One important outreach and educational tool that agricultural professionals, farmers and extension educators can use to facilitate sustainable agriculture projects is the creation of farmer-to-farmer networks (sometimes known as communities of practice). Communities of practice approach learning as social participation. Their function as an enhancement to learning is well known (Wenger, 1999; Wenger et. al 2002). While there are beginning farmer programs emerging in most western states, there is a lack of organized farmer-to-farmer social networking and training in this region. In OR, WA, ID & MT, there are several organizations working on sustainable agriculture education and training with accompanying farm tours and on-farm classes, but there are few organized farmer networks that exist in these states. 

Two existing farmer networks run by Oregon State University Extension faculty focus specifically on women producers: the League of Women Farmers (LOWF) is located in southern Oregon and the Willamette Women Farm Network (WWFN) is based in Corvallis. Both are organized around women farmers. LOWF’s mission is to provide women farmers with opportunities for business networking, expanding knowledge, and socializing in a supportive, open environment. WWFN is a community of women from the central and southern Willamette Valley of Oregon that are actively engaged in farm and ranch activities. They have joined together to further their knowledge of farm and ranch related issues both in the market place and in agricultural practices. They are working together to enhance their economic self-sufficiency through shared experiences, resources, and visions of how farm work will impact ourselves and our community. Both networks have fostered peer mentorship and facilitated educational opportunities on topics including cooperative marketing, pest management, farm labor dilemmas, balancing farm & family, recordkeeping and diversifying farm income.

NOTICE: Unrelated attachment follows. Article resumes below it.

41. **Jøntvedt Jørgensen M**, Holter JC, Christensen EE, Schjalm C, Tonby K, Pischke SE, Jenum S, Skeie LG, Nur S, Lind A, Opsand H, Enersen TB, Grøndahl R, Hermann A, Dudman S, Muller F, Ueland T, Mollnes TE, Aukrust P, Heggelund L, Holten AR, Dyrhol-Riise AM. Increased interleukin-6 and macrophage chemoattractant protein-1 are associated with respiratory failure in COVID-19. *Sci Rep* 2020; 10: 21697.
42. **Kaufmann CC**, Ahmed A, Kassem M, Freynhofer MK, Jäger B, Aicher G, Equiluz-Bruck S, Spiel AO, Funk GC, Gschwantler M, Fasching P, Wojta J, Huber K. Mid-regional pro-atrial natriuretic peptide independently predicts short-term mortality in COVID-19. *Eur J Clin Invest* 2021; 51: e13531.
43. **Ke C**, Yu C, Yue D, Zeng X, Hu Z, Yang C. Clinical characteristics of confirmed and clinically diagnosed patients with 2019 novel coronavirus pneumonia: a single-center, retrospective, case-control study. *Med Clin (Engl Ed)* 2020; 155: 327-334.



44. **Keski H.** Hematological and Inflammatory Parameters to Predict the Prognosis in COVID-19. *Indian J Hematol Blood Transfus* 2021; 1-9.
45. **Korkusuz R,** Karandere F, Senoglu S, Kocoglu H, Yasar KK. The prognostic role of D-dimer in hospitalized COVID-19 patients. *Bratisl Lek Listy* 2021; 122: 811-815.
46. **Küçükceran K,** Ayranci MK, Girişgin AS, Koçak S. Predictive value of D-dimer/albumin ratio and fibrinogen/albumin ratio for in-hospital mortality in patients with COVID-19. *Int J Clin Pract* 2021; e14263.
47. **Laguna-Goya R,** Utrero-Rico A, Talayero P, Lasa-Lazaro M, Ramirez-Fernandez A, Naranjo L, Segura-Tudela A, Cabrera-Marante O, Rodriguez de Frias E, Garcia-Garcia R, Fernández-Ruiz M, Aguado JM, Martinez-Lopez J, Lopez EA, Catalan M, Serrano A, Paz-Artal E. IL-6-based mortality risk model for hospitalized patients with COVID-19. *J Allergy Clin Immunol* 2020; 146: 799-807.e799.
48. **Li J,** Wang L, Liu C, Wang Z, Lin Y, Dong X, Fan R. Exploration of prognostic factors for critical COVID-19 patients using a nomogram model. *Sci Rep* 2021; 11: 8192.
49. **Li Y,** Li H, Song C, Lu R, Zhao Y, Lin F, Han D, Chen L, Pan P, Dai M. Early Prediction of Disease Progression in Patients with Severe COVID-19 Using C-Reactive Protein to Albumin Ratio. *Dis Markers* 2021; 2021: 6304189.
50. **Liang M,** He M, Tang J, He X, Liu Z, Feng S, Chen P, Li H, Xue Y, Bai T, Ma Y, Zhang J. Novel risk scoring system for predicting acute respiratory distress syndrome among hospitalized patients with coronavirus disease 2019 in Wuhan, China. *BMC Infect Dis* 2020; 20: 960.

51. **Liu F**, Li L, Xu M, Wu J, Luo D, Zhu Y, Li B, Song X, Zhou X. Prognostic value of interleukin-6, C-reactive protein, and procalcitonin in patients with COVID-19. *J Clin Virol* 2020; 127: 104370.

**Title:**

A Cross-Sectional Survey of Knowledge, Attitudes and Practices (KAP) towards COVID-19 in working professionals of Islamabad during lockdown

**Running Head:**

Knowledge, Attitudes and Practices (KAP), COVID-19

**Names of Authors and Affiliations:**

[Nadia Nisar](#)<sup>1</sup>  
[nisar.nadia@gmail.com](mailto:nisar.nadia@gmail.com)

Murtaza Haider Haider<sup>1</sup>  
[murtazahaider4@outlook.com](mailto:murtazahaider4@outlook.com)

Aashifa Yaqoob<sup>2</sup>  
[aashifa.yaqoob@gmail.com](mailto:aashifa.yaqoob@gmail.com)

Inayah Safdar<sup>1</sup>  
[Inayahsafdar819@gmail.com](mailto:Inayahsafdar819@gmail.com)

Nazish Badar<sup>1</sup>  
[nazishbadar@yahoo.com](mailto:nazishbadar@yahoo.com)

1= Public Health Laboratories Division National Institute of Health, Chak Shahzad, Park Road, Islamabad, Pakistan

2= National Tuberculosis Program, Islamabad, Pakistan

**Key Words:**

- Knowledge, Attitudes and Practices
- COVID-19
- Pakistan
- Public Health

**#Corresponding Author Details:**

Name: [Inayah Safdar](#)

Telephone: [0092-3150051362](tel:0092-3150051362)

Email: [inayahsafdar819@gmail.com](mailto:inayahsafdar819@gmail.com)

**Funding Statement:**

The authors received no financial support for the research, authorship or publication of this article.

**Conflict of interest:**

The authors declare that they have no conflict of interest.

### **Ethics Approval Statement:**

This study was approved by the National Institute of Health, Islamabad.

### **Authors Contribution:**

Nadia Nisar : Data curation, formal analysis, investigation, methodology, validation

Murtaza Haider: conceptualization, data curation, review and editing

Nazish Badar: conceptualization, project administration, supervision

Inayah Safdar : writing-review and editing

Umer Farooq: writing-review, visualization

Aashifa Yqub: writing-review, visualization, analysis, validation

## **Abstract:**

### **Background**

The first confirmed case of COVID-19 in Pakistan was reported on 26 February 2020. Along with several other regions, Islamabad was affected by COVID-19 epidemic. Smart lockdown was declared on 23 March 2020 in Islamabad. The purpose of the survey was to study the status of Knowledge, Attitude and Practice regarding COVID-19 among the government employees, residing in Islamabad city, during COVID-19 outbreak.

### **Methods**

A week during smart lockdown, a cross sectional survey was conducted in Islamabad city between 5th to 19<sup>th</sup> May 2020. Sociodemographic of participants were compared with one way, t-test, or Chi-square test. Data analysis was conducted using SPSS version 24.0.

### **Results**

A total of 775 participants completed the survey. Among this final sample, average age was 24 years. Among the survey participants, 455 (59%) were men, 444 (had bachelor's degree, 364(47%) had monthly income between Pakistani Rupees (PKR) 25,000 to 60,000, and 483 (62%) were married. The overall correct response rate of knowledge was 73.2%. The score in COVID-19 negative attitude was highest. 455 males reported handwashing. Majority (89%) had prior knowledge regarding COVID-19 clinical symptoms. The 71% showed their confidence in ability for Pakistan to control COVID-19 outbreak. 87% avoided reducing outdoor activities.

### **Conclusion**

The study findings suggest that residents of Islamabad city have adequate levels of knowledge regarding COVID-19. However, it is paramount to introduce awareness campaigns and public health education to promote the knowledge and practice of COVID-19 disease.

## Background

Click linked name(s) to expand/collapse or show everyone's info
  • Melissa Fery
  • Kevin Moore
  • Kristin Pool
  • Maud Powell
  • Sarita Schaffer
  • Amanda Snyder

Education & Outreach Initiatives



We used a variety of methods to successfully implement this project. We did extensive outreach to partners in Idaho, Washington, Oregon, and Montana helping to build new relationships between university extension and nonprofit professionals. We conducted research for the toolkit, which incorporated many sources of information including our own experience in conducting farmer networks. We spent a large portion of time writing, compiling and editing the toolkit until the publication date. We conducted outreach to encourage agricultural professionals to attend workshops in all four states. We conducted four workshops that were dynamic in that encouraged participation and interaction between attendees. We distributed toolkits for free to all agricultural professionals in the four states. It is also available on our website. We conducted online surveys of women farmers and agricultural professionals to assess impact of the project.